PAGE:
Rich Brits aren’t far behind. The top 1 per cent shoulder a full quarter of Britain’s total income tax burden. Still, these figures tell only half of the story. As Occupy protestors never tire of saying, the rich have secured a bigger share of the national pie. As a result higher tax rates would merely be clawing back part of the outsized gains in income the wealthy have claimed over the past few decades. In 1970 the wealthiest 1 per cent of Americans took home just 9 per cent of the nation’s total income. Now that is closer to 24 per cent – the highest level since 1928.

Even if America doubled the effective tax rate on the top 1 per cent this golden group would still have an after-tax income twice as high as in 1970 in real terms, according to Professor Emmanuel Saez, an economist at the University of Berkeley. Income gaps have widened in the UK too.

Public anger is also roused by the fact that some of the super-rich pay an extremely low tax rate indeed. This may be a small minority but they attract a lot of attention. In an announcement to accompany his Buffett tax plan, President Obama disclosed that 22,000 households that made more than $1m per year paid less than 15 per cent of their income in tax – and 1,470 managed to pay no federal income tax at all, according to figures for 2009 from the Internal Revenue Service.

Mitt Romney, the Republican presidential nominee, paid 15 per cent tax on his $21m income partly because his money comes from investment dividends, in a form of payment known as "carried interest", which attracts a lower tax to reward risk taking. He also donates money to charity, which would further reduce his tax liability. America also offers a 15 per cent tax rate to hedge fund managers on fees they get for investing other people’s money.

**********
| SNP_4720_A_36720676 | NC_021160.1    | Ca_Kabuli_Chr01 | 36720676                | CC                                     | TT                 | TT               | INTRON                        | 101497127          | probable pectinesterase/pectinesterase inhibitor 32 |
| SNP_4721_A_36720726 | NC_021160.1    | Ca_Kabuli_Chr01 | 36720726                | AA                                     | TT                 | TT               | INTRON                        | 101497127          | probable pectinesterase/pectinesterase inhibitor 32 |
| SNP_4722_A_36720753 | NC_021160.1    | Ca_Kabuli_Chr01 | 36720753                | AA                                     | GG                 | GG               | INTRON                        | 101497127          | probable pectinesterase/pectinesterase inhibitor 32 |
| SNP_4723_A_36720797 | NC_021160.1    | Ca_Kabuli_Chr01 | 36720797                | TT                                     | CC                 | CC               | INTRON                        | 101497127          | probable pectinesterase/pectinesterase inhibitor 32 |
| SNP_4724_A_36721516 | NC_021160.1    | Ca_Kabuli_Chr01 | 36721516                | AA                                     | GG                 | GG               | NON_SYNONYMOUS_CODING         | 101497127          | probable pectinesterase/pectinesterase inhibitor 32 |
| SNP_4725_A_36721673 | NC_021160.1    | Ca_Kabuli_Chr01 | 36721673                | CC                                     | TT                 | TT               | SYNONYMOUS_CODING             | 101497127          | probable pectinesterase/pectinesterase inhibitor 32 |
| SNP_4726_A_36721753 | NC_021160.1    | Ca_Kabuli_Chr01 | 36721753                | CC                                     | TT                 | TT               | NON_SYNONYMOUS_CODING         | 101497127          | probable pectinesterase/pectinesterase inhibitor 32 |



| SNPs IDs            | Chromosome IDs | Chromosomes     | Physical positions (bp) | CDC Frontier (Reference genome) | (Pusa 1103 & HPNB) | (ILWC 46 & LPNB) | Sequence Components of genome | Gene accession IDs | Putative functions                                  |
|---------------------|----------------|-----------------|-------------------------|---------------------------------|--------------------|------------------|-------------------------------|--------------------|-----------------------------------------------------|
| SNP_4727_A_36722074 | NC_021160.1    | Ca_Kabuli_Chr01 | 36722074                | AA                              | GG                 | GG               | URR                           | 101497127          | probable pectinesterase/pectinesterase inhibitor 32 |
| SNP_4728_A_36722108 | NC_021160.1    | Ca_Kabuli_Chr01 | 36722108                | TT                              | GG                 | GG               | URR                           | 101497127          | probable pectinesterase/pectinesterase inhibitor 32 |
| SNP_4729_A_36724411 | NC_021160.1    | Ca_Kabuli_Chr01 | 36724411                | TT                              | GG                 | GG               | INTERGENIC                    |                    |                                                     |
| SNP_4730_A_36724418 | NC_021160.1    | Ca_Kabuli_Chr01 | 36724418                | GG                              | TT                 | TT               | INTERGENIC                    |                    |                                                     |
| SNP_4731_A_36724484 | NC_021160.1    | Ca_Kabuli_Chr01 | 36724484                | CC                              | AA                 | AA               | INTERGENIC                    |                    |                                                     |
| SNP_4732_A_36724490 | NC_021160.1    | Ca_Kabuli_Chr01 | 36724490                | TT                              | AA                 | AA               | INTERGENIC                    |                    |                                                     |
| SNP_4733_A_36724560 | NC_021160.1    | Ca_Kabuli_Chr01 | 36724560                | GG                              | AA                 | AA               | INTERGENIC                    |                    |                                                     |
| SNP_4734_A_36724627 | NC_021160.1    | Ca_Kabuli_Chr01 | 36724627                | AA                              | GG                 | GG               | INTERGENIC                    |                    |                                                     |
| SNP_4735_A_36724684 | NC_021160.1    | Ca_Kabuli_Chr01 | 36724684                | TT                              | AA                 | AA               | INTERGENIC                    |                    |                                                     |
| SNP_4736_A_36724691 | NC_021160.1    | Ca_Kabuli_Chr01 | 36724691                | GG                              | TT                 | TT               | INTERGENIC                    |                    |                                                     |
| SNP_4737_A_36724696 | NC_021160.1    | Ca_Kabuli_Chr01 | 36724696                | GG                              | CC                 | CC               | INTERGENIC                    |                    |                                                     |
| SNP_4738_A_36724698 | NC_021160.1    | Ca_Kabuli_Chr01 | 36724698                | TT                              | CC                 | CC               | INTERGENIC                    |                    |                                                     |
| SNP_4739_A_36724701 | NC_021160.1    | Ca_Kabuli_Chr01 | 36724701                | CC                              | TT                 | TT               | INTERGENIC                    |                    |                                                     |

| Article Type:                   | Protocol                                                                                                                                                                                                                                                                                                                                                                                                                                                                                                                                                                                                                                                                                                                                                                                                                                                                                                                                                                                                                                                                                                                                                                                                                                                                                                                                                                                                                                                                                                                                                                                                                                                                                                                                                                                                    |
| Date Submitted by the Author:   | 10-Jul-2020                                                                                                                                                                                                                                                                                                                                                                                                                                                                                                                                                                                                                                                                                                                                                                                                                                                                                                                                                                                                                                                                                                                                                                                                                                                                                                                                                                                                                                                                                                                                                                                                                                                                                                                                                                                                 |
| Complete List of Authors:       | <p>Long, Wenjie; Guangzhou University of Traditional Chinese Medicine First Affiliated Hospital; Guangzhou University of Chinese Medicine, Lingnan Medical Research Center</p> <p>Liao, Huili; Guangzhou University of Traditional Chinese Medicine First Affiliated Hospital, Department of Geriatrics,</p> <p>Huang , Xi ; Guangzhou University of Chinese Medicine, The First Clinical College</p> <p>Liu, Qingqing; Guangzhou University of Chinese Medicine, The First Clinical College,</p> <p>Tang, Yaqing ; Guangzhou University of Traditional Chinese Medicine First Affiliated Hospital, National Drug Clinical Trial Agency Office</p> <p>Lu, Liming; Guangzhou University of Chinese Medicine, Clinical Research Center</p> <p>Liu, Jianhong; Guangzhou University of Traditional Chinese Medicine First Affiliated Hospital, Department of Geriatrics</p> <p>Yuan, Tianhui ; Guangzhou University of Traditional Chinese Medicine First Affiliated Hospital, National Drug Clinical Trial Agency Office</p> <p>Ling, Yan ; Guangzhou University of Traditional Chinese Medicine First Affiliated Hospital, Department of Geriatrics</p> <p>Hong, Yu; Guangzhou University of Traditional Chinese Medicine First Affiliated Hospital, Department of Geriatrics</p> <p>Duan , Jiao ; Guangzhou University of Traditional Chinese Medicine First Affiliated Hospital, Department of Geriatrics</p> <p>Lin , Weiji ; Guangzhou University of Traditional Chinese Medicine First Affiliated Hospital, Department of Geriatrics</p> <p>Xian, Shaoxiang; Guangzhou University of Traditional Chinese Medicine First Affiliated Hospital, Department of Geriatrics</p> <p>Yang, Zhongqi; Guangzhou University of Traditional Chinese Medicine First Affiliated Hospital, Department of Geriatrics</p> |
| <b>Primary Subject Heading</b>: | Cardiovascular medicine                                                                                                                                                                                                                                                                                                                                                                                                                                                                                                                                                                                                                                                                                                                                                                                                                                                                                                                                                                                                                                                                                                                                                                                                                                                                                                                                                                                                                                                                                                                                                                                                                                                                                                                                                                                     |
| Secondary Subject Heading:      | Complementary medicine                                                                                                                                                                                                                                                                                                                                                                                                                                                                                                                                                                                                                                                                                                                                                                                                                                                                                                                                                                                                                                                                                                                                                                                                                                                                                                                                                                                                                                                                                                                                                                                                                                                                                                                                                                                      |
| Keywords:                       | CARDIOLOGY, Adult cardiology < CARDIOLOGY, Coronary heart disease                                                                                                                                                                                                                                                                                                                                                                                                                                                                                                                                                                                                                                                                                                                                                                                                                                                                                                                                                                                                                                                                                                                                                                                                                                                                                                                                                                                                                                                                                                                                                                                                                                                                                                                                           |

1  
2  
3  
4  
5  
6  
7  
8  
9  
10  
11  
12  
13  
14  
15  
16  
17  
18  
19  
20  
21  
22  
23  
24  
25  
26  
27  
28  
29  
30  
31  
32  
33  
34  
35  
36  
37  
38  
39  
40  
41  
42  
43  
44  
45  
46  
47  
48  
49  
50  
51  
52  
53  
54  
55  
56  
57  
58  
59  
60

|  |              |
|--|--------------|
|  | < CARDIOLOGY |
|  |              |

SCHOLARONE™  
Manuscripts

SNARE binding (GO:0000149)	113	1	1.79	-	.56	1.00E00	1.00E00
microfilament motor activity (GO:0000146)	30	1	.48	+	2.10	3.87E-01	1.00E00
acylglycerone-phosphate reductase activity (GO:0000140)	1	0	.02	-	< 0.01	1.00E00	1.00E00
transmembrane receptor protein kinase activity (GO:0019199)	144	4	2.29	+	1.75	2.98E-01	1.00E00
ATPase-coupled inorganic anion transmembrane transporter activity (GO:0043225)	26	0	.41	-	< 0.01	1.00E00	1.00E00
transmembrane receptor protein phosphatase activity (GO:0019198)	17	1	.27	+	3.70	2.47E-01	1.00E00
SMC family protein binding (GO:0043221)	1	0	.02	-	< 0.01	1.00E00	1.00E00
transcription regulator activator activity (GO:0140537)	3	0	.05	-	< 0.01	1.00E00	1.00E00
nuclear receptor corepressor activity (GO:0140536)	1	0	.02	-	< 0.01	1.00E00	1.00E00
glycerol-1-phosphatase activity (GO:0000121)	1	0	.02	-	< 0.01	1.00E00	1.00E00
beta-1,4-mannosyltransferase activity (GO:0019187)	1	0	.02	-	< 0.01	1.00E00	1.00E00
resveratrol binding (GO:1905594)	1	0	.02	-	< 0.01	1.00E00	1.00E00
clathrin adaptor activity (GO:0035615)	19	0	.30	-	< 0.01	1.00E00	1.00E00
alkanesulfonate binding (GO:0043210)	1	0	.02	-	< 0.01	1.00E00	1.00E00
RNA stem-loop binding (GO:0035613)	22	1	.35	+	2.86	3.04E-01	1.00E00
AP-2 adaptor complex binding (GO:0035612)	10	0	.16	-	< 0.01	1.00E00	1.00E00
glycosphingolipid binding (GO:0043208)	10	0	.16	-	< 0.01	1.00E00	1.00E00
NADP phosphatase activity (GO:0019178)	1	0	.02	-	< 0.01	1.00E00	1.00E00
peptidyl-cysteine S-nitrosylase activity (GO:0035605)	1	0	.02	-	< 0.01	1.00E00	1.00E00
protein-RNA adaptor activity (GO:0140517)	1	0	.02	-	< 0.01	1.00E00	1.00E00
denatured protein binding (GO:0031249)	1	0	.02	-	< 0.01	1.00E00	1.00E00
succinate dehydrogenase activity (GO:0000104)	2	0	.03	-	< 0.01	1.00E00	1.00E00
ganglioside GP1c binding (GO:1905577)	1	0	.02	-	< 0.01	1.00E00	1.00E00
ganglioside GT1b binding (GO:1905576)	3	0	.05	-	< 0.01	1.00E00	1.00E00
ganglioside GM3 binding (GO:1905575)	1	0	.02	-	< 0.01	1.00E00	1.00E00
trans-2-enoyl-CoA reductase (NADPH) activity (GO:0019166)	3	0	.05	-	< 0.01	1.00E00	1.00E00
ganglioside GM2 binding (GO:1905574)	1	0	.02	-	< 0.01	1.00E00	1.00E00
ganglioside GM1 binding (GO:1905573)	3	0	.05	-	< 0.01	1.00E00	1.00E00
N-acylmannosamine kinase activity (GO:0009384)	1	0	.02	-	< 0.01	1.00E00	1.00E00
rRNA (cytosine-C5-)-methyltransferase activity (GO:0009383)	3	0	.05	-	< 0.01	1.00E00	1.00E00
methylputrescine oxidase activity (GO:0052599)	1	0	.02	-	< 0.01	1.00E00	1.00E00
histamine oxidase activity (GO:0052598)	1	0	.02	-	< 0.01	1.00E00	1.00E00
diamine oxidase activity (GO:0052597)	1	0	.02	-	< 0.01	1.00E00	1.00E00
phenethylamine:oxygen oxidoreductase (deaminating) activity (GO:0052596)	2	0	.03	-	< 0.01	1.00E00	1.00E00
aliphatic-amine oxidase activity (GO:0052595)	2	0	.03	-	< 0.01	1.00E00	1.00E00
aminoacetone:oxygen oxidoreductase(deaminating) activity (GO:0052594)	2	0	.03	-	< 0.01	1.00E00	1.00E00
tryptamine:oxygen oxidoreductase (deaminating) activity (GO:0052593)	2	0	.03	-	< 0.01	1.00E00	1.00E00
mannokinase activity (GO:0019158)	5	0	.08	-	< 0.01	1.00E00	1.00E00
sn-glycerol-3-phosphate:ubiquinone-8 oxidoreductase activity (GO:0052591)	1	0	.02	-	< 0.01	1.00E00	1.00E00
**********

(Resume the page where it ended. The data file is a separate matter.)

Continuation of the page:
Squeeze the rich?

A similar case can be made in the UK. Research by the Treasury showed that about 550 people earning more than £1m a year were paying a lower average tax rate than those with an annual income of £20,000. Some 330 of these super-high-income Brits were managing to get away with a tax rate of less than 10 per cent.

So there is an argument in favour of both sides of the fairness debate. But assuming politicians will have to levy higher taxes on the rich, it is worth asking how this can best be done.

For decades, right-wing economic theorists have offered dire warnings about the consequence of trying to squeeze the rich. The first line of defence is that the rich will simply manage to avoid the tax. Second, in grabbing more from the rich, governments actively retard economic growth. That leaves everyone worse off. "These theories are intuitively appealing," says Williams at the Tax Policy Center. "But the evidence that this happens in practice is not terribly compelling." 

Take the idea that government revenues actually decline as tax rates rise. In 1974, economist Arthur Laffer impressed US President Gerald Ford and advisers Donald Rumsfeld and Dick Cheney by demonstrating how higher taxes could actually reduce tax revenue. The theory behind the famous Laffer curve – first drawn on a cocktail napkin for the president – is that tax hikes encourage the rich to work less, find more creative ways to evade taxes and postpone or scrap investments. As marginal tax rates move close to 100 per cent, government revenues would actually fall to zero.

Fans of Laffer claim that the celebrated curve was recently put to the test in the UK – and passed with flying colours. Eager for revenue, the Labour government raised the top rate of tax from 40 per cent to 50 per cent in 2010. While revenue didn’t actually fall, it didn’t rise much either. Affluent Brits found various ways to avoid the hike. Bankers asked for bonuses to be paid before the tax came into effect. After the tax came into force, others asked for income to be delayed in the hope that Labour would be replaced by the Conservative Party. Some even moved overseas.